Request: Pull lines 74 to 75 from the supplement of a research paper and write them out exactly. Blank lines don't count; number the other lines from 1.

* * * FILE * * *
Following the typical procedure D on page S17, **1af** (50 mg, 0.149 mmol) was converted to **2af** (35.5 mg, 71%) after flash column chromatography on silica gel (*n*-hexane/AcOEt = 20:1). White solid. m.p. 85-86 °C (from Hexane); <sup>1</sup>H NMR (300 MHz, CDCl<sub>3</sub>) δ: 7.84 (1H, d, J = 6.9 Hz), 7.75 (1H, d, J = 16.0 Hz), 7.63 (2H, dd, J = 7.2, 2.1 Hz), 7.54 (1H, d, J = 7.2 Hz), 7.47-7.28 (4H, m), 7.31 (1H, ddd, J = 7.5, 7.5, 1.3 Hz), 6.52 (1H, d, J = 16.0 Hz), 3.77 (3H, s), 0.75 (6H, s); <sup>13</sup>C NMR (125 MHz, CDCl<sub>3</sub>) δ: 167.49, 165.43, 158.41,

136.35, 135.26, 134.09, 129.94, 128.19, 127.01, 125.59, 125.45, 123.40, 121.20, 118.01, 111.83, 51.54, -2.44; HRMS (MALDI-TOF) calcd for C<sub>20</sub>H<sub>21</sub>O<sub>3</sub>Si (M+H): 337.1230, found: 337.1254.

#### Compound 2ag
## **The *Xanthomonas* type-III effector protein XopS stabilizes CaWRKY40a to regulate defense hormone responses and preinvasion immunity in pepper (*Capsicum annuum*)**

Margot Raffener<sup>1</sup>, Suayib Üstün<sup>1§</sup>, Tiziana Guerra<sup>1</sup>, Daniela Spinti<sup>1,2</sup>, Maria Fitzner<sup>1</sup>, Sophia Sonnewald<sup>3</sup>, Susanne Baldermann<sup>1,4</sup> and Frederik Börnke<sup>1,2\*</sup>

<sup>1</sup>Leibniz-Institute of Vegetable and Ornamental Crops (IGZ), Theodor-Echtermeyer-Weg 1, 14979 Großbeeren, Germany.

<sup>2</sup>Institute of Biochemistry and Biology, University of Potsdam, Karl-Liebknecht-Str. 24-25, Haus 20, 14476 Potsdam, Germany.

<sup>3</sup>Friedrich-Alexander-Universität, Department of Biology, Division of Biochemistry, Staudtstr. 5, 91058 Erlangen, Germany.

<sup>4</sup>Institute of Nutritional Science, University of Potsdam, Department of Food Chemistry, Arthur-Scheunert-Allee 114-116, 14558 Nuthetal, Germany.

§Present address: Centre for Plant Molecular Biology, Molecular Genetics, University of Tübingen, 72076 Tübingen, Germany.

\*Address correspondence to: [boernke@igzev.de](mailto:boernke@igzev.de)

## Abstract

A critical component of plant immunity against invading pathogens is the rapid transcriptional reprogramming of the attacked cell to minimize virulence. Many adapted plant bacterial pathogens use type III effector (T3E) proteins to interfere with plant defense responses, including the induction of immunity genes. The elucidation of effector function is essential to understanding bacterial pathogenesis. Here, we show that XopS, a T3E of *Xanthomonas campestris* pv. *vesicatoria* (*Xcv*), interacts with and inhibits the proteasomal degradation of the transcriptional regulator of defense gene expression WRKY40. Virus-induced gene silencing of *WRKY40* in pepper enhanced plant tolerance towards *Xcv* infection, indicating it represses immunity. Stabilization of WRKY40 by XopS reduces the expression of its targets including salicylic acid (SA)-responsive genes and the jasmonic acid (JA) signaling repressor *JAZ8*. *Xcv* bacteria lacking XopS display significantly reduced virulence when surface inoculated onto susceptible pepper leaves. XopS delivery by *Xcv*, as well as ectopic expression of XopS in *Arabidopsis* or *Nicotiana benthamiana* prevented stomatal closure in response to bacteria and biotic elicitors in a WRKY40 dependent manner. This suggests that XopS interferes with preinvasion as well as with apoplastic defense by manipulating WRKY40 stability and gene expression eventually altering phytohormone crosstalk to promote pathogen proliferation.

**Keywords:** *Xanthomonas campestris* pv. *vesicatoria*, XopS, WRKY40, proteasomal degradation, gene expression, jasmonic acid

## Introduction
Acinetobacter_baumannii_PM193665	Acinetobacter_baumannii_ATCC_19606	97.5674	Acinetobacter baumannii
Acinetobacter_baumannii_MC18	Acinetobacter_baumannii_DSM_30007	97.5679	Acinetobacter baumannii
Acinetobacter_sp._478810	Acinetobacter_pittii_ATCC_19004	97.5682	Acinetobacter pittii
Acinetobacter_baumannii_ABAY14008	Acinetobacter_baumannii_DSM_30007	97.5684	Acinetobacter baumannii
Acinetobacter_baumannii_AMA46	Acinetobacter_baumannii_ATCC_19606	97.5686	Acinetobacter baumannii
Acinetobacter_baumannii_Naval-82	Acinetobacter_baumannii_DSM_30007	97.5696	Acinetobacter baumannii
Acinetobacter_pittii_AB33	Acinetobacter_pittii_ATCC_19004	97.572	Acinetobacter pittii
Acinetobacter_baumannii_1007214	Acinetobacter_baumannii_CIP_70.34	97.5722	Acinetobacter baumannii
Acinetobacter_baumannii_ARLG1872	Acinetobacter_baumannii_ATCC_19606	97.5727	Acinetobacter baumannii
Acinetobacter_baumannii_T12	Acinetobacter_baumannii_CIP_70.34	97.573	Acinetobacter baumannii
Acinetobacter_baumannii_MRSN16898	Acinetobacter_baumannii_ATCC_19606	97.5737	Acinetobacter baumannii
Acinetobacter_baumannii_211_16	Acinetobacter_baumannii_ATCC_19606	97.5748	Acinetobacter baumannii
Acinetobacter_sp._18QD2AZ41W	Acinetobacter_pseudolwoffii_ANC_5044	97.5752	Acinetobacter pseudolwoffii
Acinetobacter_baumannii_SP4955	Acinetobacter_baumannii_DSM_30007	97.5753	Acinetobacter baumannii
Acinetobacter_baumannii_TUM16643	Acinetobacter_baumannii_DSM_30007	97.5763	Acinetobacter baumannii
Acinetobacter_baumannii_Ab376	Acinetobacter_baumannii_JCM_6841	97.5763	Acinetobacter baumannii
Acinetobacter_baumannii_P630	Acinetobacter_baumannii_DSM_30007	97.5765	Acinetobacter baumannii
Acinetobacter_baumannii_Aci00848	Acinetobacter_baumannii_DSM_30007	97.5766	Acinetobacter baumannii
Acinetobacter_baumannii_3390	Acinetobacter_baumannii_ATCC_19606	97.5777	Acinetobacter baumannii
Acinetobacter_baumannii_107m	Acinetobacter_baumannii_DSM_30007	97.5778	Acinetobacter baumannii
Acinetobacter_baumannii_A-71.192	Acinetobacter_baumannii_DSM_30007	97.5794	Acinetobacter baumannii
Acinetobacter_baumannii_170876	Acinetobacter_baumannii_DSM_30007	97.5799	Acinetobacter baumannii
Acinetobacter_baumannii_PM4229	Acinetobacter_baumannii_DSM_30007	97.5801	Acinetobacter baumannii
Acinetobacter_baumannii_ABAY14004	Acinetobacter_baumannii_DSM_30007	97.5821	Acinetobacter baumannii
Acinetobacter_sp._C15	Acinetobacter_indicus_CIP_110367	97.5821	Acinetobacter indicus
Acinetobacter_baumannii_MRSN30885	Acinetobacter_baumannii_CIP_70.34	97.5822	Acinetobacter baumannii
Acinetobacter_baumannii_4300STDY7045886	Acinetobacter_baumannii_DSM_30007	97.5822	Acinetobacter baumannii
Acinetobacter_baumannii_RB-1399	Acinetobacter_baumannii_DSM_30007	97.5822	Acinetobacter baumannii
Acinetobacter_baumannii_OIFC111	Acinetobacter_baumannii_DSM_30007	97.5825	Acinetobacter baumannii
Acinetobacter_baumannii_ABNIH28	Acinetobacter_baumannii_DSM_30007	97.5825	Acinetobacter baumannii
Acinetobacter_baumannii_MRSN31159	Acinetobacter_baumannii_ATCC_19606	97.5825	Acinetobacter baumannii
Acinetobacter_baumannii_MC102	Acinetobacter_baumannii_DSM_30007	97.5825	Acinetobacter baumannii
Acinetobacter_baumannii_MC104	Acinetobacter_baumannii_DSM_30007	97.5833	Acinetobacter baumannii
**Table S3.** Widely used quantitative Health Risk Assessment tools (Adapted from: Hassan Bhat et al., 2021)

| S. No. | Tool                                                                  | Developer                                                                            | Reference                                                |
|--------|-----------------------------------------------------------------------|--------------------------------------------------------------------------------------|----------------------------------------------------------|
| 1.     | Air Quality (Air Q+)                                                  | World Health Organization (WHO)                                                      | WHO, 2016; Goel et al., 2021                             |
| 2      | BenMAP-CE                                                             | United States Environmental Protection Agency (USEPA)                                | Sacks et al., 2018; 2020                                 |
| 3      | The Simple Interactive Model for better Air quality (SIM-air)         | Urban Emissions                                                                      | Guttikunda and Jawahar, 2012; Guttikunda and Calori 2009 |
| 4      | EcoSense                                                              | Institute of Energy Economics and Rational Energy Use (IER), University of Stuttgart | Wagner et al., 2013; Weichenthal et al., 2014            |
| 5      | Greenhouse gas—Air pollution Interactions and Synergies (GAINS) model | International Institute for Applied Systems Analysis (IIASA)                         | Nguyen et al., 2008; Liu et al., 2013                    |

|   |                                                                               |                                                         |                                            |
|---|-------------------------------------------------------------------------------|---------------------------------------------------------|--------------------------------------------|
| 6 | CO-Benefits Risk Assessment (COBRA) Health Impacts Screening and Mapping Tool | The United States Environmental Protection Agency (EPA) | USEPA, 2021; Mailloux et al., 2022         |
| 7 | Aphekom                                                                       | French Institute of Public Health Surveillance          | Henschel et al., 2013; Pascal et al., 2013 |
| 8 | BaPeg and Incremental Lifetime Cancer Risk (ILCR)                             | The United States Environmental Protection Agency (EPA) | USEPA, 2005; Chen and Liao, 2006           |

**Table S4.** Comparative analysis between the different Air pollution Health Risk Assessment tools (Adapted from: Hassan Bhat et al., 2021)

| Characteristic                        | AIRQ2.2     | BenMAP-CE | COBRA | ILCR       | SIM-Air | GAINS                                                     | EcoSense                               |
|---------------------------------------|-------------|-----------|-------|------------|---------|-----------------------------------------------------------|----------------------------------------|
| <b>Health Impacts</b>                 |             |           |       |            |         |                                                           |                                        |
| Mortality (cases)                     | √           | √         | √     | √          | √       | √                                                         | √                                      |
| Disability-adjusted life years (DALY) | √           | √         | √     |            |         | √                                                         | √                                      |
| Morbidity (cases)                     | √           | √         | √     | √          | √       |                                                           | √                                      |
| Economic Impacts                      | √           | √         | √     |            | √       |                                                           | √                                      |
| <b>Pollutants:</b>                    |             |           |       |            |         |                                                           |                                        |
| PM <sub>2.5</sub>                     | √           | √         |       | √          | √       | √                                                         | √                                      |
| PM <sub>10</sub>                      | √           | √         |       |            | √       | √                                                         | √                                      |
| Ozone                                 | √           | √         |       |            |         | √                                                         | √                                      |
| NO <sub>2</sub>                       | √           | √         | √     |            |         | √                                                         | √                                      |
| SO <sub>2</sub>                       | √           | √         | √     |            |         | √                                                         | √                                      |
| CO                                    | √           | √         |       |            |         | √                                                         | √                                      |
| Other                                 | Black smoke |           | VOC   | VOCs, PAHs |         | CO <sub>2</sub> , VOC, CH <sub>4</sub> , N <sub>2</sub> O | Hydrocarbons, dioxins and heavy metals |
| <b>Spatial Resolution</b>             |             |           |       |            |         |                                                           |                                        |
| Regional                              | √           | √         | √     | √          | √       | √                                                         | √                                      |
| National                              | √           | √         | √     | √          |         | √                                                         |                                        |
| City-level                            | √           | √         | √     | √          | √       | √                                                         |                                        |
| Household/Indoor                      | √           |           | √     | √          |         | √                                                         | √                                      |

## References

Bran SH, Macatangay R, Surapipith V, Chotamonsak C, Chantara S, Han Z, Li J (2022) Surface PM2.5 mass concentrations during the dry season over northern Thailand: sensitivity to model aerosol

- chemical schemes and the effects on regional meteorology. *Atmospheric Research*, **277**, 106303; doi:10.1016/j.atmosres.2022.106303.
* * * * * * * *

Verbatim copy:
| NO <sub>2</sub>                       | √           | √         | √     |            |         | √                                                         | √                                      |
| SO <sub>2</sub>                       | √           | √         | √     |            |         | √                                                         | √                                      |